Learn Cost Accounting
What you'll learn
- Understand the three cost categorieds of a manufacturer.
- Know the difference between product cost and period costs.
- Understand Traditional Costing Systems - Job Costing system & Process Costing
- Understand what Activity Based Costing - Know cost pools and cost drivers
- Understand a standard costing system
- Students should have had a course in financial accounting.
What Is Cost Accounting?
Cost accounting is a form of managerial accounting that aims to capture a company's total cost of production by assessing the variable costs of each step of production as well as fixed costs, such as a lease expense.
Cost accounting is used internally by management in order to make fully informed business decisions.
Unlike financial accounting, which provides information to external financial statement users, cost accounting is not required to adhere to set standards and can be flexible to meet the needs of management.
Cost accounting considers all input costs associated with production, including both variable and fixed costs.
Types of cost accounting include standard costing, activity-based costing, lean accounting, and marginal costing.
Understanding Cost Accounting
Cost accounting is used by a company's internal management team to identify all variable and fixed costs associated with the production process. It will first measure and record these costs individually, then compare input costs to output results to aid in measuring financial performance and making future business decisions. There are many types of costs involved in cost accounting, which are defined below.
Types of Costs
Fixed costs are costs that don't vary depending on the level of production. These are usually things like the mortgage or lease payment on a building or a piece of equipment that is depreciated at a fixed monthly rate. An increase or decrease in production levels would cause no change in these costs.
Variable costs are costs tied to a company's level of production. For example, a floral shop ramping up their floral arrangement inventory for Valentine's Day will incur higher costs when it purchases an increased number of flowers from the local nursery or garden center.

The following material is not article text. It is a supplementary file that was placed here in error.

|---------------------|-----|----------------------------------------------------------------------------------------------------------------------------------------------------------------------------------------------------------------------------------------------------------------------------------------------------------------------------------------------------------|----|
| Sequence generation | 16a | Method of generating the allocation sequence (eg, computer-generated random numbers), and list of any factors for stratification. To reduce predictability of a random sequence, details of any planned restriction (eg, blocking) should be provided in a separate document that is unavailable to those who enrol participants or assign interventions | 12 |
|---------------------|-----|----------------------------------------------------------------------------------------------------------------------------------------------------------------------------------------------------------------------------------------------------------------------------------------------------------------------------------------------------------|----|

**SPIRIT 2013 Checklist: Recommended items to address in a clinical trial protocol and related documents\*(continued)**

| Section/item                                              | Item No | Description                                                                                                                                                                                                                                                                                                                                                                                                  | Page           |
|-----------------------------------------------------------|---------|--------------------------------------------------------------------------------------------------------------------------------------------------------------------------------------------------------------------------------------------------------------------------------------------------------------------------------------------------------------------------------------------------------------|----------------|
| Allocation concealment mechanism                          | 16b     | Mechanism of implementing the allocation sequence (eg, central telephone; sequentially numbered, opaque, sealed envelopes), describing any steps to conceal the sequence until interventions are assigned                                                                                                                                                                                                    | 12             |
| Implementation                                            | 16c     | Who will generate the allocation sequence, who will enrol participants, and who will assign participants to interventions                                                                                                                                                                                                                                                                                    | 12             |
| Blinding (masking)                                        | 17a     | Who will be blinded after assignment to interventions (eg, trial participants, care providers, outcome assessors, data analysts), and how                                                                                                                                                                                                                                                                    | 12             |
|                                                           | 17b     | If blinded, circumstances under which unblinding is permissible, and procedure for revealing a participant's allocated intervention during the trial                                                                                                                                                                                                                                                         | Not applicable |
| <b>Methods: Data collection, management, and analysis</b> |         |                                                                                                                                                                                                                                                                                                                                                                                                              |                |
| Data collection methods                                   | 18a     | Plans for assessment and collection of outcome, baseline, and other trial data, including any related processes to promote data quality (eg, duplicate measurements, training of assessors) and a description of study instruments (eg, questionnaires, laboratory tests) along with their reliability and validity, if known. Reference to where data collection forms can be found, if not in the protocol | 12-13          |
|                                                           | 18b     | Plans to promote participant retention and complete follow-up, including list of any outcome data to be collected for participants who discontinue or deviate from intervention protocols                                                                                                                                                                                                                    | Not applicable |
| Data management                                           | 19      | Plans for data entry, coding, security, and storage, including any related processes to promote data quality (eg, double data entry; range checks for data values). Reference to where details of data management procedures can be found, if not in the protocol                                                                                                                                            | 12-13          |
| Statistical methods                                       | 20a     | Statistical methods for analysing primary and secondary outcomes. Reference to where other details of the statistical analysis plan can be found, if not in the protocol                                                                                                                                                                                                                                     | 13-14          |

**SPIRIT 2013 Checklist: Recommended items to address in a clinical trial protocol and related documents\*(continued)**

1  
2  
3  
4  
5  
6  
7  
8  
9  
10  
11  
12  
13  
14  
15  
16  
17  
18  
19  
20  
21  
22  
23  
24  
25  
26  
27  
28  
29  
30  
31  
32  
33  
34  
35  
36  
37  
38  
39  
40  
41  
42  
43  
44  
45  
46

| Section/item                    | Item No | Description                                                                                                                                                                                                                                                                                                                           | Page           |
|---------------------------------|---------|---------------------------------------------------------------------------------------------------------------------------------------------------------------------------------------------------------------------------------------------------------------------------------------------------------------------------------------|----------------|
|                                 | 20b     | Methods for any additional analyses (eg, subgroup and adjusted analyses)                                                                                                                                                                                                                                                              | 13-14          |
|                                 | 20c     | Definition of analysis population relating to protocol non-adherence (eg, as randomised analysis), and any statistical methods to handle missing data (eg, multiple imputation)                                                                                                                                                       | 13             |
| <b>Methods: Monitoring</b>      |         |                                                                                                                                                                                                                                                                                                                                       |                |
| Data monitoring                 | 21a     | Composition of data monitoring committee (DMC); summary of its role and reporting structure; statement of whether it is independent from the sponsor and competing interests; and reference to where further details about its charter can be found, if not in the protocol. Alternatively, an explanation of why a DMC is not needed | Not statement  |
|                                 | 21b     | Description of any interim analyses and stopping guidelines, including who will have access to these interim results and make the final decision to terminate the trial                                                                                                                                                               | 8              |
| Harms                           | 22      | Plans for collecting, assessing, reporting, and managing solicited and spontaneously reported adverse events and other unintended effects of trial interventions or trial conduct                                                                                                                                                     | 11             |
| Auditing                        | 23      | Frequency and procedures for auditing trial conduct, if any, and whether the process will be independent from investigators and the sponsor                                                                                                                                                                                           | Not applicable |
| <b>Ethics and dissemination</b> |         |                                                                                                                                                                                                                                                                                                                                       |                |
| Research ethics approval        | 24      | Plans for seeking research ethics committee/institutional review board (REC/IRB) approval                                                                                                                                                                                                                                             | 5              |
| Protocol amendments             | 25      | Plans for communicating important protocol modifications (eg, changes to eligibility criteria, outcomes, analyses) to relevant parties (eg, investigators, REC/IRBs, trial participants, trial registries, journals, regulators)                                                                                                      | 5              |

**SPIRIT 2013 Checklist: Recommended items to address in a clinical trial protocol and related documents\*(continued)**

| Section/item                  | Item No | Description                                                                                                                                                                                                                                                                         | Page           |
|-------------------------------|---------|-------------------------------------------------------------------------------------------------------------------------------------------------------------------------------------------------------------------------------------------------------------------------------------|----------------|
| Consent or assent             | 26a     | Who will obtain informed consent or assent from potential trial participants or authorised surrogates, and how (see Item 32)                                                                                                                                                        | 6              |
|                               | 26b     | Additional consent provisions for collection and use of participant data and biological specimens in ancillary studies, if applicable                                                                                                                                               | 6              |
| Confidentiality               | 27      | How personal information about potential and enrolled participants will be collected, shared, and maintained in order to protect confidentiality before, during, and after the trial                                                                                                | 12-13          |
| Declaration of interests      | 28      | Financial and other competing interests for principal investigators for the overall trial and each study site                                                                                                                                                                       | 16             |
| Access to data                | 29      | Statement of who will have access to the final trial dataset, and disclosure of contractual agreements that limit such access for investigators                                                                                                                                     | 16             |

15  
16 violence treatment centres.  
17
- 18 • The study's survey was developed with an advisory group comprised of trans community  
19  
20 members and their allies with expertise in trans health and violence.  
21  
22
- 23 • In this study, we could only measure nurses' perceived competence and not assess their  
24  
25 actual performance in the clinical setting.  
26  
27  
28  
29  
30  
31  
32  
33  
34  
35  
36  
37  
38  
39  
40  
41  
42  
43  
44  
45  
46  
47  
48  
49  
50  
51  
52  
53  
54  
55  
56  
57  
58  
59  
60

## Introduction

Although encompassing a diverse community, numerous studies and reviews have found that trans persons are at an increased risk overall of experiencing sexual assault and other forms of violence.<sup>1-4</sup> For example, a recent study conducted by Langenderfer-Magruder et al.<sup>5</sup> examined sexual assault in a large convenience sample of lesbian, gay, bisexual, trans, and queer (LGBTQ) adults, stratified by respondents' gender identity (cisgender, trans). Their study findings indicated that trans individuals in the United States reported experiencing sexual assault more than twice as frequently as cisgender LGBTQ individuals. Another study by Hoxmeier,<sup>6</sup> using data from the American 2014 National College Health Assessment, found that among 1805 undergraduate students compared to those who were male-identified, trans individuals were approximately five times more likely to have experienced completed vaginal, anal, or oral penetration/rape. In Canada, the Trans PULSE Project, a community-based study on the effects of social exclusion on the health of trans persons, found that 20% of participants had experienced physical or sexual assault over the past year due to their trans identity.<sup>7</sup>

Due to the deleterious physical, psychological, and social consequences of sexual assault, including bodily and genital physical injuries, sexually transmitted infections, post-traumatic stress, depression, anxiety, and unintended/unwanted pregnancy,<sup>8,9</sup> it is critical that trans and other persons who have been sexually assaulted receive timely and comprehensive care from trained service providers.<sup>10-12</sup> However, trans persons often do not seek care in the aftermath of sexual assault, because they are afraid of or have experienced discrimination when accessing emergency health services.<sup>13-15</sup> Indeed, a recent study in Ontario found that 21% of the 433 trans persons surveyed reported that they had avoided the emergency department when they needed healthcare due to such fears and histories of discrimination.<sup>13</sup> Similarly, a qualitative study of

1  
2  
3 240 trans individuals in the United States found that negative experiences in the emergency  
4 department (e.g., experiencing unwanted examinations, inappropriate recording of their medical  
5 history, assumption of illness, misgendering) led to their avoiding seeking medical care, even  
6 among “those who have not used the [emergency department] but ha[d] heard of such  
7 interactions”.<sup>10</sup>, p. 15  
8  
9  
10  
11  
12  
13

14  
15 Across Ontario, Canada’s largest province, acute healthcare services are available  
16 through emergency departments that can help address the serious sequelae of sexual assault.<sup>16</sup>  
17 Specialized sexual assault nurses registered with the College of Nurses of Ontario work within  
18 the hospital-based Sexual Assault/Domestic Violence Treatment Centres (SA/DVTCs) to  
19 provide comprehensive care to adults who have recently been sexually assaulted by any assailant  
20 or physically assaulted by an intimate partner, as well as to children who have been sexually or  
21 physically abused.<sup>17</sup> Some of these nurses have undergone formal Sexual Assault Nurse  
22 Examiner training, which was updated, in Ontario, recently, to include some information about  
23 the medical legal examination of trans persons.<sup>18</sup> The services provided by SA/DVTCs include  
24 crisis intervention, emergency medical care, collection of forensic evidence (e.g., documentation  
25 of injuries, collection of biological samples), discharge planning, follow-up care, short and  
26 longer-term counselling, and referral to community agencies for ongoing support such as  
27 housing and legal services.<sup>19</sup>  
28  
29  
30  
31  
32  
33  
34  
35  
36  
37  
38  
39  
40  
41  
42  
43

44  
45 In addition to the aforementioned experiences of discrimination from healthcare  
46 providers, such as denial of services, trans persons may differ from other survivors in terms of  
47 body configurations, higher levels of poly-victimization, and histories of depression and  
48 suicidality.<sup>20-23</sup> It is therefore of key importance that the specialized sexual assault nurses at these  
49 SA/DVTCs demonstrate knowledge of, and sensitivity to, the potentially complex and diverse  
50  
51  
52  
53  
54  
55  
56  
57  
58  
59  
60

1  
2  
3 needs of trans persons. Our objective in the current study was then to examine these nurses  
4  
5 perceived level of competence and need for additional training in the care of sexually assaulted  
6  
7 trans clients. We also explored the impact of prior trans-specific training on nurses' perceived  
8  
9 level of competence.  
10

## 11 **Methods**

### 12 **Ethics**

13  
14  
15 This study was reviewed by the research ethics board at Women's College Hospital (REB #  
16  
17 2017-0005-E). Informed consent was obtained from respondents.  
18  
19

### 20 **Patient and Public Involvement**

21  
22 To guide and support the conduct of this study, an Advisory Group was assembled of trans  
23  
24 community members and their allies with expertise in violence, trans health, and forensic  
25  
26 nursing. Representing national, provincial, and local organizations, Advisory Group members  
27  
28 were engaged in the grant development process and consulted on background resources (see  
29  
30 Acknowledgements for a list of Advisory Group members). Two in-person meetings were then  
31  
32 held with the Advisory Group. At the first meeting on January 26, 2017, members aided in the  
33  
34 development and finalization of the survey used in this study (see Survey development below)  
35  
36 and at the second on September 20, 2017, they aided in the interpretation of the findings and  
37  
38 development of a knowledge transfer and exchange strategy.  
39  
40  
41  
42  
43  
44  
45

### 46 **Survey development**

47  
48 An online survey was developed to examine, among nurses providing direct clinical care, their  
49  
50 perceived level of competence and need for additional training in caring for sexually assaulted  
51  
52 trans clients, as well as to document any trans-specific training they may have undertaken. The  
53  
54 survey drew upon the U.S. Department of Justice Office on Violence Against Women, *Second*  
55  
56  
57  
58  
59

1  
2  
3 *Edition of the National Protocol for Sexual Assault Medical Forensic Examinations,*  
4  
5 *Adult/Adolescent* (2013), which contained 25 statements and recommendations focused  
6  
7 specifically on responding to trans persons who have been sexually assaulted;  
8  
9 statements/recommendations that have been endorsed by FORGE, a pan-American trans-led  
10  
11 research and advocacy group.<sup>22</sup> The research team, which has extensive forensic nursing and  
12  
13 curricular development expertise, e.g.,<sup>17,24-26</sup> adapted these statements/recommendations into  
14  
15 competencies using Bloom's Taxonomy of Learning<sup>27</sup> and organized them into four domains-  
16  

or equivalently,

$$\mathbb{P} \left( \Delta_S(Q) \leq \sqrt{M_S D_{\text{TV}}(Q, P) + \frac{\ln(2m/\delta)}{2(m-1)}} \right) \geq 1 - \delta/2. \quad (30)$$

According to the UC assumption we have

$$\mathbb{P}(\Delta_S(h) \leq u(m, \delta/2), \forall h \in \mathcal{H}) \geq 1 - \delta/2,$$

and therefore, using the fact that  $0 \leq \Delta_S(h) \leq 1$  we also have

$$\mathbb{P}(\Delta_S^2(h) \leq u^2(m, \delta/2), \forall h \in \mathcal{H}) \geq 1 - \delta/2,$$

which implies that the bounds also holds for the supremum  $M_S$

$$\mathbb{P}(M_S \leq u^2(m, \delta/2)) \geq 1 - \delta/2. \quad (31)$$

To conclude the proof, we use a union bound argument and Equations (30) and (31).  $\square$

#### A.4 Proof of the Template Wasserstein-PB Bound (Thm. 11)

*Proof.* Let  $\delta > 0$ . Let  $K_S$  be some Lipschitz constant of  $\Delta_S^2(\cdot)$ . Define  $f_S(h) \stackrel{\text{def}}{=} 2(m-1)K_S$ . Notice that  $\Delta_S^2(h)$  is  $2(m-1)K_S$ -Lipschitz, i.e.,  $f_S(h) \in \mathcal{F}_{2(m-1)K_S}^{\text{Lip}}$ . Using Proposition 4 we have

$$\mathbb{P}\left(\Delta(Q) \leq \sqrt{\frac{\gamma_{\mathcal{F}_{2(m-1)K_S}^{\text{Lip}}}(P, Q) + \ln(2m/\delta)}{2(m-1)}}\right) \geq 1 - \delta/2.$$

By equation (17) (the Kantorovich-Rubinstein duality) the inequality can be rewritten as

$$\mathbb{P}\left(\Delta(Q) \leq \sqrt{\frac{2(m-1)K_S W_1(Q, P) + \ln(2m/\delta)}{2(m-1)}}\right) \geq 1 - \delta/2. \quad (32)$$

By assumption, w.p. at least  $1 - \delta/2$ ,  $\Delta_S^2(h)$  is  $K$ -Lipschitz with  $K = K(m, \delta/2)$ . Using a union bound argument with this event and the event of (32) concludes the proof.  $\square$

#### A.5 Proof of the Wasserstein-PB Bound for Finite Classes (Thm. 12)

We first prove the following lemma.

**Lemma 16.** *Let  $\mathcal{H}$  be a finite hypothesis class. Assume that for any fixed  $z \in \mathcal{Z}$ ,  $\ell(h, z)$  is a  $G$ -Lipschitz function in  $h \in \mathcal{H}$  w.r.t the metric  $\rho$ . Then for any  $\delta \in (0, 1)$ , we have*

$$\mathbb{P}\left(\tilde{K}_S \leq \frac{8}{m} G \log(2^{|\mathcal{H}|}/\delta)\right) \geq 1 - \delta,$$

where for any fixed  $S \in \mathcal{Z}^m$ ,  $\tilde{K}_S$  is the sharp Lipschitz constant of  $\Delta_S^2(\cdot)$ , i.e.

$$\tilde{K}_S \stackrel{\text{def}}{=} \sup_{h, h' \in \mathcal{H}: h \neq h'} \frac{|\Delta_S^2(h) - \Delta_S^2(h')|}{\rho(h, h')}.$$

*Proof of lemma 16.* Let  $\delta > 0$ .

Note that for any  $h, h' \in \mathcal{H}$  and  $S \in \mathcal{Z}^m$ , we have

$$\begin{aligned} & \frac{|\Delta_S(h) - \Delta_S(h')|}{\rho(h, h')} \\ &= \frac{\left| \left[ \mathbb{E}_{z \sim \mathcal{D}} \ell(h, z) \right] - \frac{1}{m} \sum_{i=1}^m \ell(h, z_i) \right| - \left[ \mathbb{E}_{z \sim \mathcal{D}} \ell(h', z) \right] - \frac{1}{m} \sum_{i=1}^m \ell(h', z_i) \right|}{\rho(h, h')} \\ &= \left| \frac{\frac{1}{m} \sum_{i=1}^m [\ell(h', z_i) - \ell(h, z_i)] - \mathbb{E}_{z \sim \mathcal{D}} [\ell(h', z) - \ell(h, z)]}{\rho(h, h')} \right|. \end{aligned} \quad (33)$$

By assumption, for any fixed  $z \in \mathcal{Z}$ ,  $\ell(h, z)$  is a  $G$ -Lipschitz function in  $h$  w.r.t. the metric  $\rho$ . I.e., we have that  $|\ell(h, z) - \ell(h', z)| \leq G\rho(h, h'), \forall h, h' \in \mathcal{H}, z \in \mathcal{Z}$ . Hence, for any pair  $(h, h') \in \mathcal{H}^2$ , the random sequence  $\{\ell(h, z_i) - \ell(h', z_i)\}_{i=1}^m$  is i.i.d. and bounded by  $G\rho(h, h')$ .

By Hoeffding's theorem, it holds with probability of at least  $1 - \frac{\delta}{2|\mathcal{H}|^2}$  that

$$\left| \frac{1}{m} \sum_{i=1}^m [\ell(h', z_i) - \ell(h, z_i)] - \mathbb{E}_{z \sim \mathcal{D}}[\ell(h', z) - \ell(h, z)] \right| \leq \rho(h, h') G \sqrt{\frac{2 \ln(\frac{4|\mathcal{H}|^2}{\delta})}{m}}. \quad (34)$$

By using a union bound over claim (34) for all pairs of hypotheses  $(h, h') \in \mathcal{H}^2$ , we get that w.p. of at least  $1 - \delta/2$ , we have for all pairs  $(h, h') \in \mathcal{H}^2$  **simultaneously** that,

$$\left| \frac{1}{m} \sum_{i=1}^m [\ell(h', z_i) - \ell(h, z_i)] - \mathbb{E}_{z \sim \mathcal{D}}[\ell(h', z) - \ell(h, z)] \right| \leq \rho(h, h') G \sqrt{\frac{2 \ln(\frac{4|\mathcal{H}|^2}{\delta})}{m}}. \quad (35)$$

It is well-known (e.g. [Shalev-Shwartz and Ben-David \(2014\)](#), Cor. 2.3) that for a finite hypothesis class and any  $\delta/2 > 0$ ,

Operating costs are costs associated with the day-to-day operations of a business. These costs can be either fixed or variable depending on the unique situation.
Direct costs are costs specifically related to producing a product. If a coffee roaster spends five hours roasting coffee, the direct costs of the finished product include the labor hours of the roaster and the cost of the coffee beans.
Indirect costs are costs that cannot be directly linked to a product. In the coffee roaster example, the energy cost to heat the roaster would be indirect because it is inexact and difficult to trace to individual products.
This is a course on Cost Accumulation Control Systems
Know the three manufacturing costs - Direct material, Direct Labor, and Manufacturing Overhead.
Understand the difference between Product Costs and Period Costs.
Know-how Product Costs are presented on the financial statement of a manufacturer.
Understand A job costing system and how management controls production
Understand an Activity Based Costing System that gives management a better understanding of overhead costs
Know how A standard costing system simplifies the management control system
Be able to Perform Variance Analysis in conducting Performance evaluations.
Who this course is for:
- CMA students preparing to write the IMA exam.
- Managers interested in improving their understanding of management accounting tools and techniques.
- Students taking a managerial accounting course.
- Anyone wanting to improve their management knowledge
I am a Professor of Accounting with over thirty-five years experience teaching accounting to college students, undergraduate and MBA university students as well as CMA candidates seeking to earn their Professional Certified Management Accountant Designation.
I achieved my Certified Management Accountant Designation 40 years ago. With that I then earned my Masters of Business Administration degree and later a PHD in accounting.
I have developed and will continue to develop a number of courses in both Financial Accounting and Management Accounting for you - a college or university student (or even a secondary student) to help you to achieve the best result in your undergraduate accounting course. If you get an "A" from me I guarantee you will get an "A" from your accounting prof.
For Graduate students, I have a course to prepare those of you who do not have a business degree for the Masters of Business Administration. Also I have a course at the masters level called Managerial Accounting.
For CMA Candidates, I have courses to prepare you to successfully pass their Certified Management Accounting Exams offered by Institute of Management Accountants.